“It was my father’s first anniversary and I thought she was going to go. She would fall asleep and not wake up,” she said, but it was at the last moment that her trooper of a mother pulled through and started to show signs of recovery.
“On Monday, they were going to get palliative care for her but she woke up and was looking for water. She was more alert, more aware.
“She was clear of Covid-19 after two weeks but she still had the Covid pneumonia so they left her on oxygen and changed her antibiotics over the next few days and she started to improve.”
By that Wednesday, Mary Jane was fully alert but the virus had done considerable damage to her lungs, which is a cause for concern as her oxygen levels could drop as low as 75%.
It was a joyous day for the family, as well as neighbours and friends last Friday, June 12, as Mary Jane finally arrived at her Longford town home, where she received a huge welcome.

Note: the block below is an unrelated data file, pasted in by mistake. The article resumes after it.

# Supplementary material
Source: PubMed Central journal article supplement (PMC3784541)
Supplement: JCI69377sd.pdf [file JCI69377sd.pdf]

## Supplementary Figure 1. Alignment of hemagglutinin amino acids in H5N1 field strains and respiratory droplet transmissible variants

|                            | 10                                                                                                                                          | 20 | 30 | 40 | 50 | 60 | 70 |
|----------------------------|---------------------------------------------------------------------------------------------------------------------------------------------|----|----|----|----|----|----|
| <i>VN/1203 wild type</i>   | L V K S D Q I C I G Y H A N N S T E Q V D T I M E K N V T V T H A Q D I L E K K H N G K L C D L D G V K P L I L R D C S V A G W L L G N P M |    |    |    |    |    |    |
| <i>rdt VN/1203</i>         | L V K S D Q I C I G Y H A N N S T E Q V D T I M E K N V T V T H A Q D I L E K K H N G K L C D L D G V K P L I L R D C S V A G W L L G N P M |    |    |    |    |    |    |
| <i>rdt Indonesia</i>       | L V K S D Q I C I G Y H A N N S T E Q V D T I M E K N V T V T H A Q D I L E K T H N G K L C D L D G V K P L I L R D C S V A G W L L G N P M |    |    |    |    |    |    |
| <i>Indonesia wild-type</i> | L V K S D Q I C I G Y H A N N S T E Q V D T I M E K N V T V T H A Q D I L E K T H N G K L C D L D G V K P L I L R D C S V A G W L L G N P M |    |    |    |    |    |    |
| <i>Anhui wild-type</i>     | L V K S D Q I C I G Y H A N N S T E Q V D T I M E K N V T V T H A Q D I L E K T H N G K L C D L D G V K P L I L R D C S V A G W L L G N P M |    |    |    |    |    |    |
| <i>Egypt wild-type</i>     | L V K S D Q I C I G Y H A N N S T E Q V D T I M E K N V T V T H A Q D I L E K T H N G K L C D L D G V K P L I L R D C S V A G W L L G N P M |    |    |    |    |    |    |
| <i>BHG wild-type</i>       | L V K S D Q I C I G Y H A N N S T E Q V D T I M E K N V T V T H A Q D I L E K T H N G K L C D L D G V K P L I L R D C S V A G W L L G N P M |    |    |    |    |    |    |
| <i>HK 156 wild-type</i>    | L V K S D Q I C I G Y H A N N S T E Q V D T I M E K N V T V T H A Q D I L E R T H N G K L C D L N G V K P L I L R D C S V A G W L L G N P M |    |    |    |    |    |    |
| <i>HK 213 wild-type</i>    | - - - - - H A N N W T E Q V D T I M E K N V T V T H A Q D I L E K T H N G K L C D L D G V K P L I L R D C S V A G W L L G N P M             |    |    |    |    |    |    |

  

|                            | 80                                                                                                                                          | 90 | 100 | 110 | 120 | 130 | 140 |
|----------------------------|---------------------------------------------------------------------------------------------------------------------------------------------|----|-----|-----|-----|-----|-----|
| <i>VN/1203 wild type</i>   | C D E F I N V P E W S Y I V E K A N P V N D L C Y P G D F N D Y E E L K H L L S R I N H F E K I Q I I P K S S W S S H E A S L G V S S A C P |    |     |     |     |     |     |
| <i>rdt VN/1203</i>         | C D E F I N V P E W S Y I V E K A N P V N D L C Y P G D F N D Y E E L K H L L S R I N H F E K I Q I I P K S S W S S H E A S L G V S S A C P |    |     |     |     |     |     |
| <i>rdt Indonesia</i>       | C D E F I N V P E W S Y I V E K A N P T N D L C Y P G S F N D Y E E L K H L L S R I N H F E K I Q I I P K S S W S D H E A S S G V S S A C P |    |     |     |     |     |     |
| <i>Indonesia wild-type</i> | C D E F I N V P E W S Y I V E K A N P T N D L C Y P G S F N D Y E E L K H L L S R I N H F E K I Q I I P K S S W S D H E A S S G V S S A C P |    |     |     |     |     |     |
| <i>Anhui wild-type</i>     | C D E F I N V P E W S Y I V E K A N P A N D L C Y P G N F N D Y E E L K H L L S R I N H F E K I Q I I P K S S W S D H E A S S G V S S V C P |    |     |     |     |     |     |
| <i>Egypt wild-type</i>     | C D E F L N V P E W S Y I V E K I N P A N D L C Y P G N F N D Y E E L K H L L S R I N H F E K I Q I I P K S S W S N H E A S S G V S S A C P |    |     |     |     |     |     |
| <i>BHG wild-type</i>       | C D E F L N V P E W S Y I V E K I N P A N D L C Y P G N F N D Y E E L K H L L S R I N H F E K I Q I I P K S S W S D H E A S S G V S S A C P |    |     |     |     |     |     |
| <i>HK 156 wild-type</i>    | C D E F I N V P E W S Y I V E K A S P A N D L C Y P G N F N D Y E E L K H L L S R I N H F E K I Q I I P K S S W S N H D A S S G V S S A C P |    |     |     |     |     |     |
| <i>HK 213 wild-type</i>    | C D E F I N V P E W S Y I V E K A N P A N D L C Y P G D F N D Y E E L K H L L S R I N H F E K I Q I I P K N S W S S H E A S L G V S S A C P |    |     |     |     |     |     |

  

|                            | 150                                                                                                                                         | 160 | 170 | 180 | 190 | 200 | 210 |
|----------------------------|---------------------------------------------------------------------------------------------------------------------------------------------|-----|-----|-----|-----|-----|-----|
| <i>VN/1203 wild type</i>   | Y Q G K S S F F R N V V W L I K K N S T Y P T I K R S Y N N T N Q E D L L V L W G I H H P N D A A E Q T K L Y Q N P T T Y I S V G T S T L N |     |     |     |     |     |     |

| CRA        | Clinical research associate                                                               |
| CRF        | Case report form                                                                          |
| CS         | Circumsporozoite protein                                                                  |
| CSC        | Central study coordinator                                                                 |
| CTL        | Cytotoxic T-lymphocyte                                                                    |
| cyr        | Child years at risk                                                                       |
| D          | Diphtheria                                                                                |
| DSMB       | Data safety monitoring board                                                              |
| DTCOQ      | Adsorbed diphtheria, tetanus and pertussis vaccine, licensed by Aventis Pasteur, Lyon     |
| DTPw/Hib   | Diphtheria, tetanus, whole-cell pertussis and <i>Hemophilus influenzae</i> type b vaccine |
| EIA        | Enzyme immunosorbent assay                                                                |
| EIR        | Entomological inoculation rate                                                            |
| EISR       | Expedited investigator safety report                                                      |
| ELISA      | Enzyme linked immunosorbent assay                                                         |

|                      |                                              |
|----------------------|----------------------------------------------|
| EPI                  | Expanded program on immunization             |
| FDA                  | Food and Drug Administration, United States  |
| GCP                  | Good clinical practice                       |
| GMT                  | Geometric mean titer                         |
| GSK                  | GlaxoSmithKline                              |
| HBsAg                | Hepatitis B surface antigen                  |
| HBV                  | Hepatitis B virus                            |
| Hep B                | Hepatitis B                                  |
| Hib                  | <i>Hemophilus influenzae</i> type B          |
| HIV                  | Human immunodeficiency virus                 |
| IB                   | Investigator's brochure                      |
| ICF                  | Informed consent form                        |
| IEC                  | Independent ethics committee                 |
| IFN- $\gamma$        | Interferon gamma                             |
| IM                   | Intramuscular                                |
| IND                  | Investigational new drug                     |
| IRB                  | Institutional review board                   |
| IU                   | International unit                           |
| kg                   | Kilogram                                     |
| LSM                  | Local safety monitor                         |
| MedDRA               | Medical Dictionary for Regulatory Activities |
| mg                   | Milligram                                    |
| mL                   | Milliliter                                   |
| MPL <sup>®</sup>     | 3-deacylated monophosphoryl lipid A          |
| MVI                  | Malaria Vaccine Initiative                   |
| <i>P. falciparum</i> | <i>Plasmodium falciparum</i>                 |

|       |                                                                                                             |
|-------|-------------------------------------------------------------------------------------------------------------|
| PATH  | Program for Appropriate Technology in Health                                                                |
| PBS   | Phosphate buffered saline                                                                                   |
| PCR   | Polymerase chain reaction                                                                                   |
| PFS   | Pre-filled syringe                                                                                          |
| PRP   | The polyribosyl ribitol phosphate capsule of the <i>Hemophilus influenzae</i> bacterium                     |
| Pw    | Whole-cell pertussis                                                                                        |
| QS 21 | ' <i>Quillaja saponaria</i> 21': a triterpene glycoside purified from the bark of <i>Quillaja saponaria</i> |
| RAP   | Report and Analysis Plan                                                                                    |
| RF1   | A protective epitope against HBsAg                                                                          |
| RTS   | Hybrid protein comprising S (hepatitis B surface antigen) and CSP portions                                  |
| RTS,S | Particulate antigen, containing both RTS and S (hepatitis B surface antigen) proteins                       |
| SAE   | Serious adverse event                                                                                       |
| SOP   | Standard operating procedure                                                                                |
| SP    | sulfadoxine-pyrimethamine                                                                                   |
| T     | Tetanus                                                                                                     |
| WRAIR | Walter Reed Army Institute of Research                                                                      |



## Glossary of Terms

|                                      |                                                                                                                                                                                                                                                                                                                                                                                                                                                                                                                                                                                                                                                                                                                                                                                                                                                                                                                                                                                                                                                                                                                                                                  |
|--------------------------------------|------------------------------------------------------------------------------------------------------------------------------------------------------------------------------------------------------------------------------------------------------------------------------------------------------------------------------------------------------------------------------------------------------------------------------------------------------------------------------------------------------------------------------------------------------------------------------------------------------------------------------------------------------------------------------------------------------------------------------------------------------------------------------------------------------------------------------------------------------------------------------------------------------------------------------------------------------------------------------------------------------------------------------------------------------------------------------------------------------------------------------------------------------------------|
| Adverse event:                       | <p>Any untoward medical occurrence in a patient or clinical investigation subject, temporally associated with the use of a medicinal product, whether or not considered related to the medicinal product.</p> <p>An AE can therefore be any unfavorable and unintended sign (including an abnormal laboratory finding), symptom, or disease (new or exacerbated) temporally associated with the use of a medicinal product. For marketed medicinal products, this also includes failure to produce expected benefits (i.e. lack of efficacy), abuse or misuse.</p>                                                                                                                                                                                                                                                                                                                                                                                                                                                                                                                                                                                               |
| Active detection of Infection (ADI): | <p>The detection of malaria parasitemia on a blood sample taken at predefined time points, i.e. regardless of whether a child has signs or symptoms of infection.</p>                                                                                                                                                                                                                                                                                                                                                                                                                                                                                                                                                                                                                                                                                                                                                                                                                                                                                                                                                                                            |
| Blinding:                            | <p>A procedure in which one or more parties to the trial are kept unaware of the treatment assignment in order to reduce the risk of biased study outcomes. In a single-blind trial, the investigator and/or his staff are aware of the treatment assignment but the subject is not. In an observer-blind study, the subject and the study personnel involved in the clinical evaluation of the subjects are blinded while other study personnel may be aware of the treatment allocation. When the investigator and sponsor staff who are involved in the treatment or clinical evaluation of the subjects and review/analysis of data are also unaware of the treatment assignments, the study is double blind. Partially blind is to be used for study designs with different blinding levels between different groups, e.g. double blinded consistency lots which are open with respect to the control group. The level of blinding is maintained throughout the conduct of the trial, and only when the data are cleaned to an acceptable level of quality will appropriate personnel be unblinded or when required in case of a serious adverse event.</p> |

But the past six weeks were filled with terror for her daughter and carer, Majella.
“I asked Dr Sheehy at one point what her chances of surviving were and he said they weren’t good,” she told the Leader.
“I like to be in control so I asked him what exactly her chances were - did she have a 50% chance? He said it was more like two or three percent.
“But she pulled out of it so quickly. It was extraordinary. But it was a horrific experience. The worst part wasn’t the thought of losing her,” she explained.
“I nursed daddy until his death and I’ve always been with both of them. To think I couldn’t hold her hand and be there for her... it was the hardest six weeks of my life and I don’t think I’ll ever get over it.”